Out of the Basement: Who Would Benefit from a Minimum Wage Increase in Ohio?

April 15, 2005
   

The federal minimum wage of $5.15 an hour has less purchasing power than in all but one of the past fifty years. Since 1968, the value of a minimum wage paycheck has fallen by more than thirty percent. A full-time minimum wage worker brings in only $10,712 a year.

Fifteen states and Washington D.C. have taken action to implement state minimum wages that exceed the federal. Ohio is one of only two states to set its minimum wage below the federal, although the national rate applies to most workers here. The current proposal to raise Ohio’s minimum wage to $7.15 is comparable to laws that have passed in other states.

The proposed Ohio legislation would directly affect 446,000 covered employees earning less than $7.15 an hour. Of those who would get a raise, the majority (60 percent) are women workers, more than 70 percent are age 20 or older, and more than three-fourths work at least twenty hours weekly. The lowest-earning forty percent of Ohio households, which take in just 16 percent of total earnings, would enjoy 57 percent of the gains from the increase. Families with employees that would be affected rely on those workers for half of the family’s earnings on average. Over one-third (37 percent) rely on those family members for the entire family income.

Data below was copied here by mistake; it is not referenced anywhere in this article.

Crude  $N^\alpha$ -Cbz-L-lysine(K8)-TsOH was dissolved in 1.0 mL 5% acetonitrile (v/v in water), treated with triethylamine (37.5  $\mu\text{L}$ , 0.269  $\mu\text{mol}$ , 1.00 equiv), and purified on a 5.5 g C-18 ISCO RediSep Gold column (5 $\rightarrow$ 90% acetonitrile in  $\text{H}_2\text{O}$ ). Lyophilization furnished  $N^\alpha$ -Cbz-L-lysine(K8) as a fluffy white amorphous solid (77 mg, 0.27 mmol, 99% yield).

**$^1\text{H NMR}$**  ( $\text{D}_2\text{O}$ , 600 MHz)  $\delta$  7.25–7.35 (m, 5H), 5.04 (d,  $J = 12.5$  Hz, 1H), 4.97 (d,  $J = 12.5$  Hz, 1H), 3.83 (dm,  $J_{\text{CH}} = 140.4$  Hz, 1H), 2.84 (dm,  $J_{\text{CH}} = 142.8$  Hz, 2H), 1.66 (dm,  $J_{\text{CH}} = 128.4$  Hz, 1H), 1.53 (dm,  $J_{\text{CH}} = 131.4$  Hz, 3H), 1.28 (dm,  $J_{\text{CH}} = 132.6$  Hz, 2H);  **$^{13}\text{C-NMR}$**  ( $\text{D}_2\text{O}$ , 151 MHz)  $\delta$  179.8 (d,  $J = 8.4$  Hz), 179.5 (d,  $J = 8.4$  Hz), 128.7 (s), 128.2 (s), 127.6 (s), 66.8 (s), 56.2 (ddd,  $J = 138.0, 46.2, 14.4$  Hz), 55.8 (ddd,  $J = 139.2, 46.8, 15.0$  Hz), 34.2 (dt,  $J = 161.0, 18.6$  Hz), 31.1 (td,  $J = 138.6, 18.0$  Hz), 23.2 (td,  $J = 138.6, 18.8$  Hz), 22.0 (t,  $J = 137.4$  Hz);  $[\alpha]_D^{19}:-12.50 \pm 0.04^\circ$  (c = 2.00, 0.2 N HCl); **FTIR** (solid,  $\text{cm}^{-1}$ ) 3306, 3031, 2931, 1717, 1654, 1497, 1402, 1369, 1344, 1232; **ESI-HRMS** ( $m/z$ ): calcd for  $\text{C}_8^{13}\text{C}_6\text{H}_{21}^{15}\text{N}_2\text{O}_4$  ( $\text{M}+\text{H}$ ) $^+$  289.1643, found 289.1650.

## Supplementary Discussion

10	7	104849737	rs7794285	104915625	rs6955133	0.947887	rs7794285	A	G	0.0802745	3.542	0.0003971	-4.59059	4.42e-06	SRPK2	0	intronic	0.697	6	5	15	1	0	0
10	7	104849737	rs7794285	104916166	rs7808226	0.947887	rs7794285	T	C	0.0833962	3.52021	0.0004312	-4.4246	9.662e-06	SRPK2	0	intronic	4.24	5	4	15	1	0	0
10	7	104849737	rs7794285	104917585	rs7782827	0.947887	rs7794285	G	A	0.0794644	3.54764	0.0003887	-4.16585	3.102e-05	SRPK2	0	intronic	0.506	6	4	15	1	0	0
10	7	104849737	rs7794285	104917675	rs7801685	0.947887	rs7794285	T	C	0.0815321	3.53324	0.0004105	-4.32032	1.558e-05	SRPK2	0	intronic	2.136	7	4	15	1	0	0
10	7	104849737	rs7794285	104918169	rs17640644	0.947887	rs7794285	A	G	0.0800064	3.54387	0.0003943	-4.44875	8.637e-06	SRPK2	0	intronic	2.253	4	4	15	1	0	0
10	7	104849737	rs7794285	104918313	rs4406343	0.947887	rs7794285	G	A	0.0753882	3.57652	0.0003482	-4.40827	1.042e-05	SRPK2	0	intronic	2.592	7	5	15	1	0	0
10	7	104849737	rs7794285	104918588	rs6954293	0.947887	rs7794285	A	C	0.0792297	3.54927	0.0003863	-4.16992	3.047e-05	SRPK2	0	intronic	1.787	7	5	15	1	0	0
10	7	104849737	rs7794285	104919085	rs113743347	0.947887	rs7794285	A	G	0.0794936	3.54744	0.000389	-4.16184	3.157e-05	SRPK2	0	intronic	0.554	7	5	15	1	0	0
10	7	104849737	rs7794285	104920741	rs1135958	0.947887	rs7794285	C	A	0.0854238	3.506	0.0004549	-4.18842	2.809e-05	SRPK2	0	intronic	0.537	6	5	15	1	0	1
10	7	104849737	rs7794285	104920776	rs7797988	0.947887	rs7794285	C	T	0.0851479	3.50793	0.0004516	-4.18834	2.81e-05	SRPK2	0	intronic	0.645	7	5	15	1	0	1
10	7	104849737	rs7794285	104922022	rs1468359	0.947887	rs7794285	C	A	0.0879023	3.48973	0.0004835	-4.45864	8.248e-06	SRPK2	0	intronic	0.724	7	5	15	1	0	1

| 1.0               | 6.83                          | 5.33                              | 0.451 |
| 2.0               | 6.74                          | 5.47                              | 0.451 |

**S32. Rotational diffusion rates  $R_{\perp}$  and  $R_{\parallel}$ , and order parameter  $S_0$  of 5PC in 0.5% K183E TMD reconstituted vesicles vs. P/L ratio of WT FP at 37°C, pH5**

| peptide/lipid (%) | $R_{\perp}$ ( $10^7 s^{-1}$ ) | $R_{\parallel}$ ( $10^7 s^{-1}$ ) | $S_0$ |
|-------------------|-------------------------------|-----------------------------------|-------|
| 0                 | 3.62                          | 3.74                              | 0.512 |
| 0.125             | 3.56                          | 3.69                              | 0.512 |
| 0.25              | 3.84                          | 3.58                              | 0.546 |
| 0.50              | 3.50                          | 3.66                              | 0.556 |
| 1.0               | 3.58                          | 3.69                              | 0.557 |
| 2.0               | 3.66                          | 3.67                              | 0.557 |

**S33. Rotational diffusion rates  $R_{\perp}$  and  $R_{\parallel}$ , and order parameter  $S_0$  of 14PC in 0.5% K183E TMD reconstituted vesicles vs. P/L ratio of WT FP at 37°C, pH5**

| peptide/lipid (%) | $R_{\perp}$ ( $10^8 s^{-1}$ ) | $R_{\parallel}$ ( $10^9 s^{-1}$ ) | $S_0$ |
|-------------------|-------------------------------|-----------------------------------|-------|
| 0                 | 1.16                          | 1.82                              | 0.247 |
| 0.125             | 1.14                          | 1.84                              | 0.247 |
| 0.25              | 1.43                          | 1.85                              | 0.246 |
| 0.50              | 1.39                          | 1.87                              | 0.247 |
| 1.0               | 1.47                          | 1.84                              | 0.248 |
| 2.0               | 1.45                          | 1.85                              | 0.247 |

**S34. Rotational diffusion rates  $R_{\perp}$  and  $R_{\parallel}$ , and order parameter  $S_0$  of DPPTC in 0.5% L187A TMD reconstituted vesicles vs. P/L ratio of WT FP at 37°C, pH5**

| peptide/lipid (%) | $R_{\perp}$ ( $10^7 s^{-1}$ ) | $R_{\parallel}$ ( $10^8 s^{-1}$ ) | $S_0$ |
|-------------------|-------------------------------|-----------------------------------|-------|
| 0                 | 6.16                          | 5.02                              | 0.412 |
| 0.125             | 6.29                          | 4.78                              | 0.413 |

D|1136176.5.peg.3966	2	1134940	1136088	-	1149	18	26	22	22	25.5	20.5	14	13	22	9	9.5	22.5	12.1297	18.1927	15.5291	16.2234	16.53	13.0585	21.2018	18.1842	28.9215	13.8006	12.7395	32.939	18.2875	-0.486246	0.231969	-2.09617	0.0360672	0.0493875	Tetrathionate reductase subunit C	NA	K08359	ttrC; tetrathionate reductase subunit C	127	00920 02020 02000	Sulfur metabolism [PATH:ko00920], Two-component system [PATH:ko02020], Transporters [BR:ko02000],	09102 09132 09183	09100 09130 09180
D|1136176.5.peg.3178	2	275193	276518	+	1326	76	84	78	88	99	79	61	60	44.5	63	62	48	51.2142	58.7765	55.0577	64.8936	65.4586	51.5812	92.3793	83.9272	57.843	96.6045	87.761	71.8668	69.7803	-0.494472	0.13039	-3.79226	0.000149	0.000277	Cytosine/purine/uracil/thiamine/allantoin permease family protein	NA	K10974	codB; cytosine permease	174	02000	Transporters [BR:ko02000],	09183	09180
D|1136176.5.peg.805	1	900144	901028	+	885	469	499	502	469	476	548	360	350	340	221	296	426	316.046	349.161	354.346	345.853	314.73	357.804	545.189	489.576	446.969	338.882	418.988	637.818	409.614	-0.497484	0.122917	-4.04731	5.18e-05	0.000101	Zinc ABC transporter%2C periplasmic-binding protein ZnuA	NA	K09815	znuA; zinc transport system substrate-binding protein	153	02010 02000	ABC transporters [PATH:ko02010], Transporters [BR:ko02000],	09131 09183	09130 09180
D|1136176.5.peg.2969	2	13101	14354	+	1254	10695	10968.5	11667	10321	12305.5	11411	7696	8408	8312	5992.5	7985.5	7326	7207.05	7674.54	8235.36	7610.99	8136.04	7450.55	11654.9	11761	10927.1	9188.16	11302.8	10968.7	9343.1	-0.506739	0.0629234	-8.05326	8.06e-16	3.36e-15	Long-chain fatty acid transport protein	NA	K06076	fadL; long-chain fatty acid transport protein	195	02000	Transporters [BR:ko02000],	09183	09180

In short, the federal minimum wage is at an extremely low point. Many states are acting to raise their minimum wages. If Ohio followed suit, the main beneficiaries would be in low-income households that rely heavily on these earnings.

Press Release

Full Report

Executive Summary 

________________________________________________________________

Minimum Wage: Ohio is Falling Short, a two-page brief

Wendy Patton’s Ohio Senate Insurance, Commerce and Labor Committee Testimony on Senate Bill 11 to Raise Ohio’s Minimum Wage

The Joyce Foundation supports Policy Matters Ohio research on workers in Ohio. The St. Ann Foundation provides additional funding for presentations and popular education on these issues. We are also grateful to the Gund, Nord Family and Cleveland Foundations for other support.

 

 

Print Friendly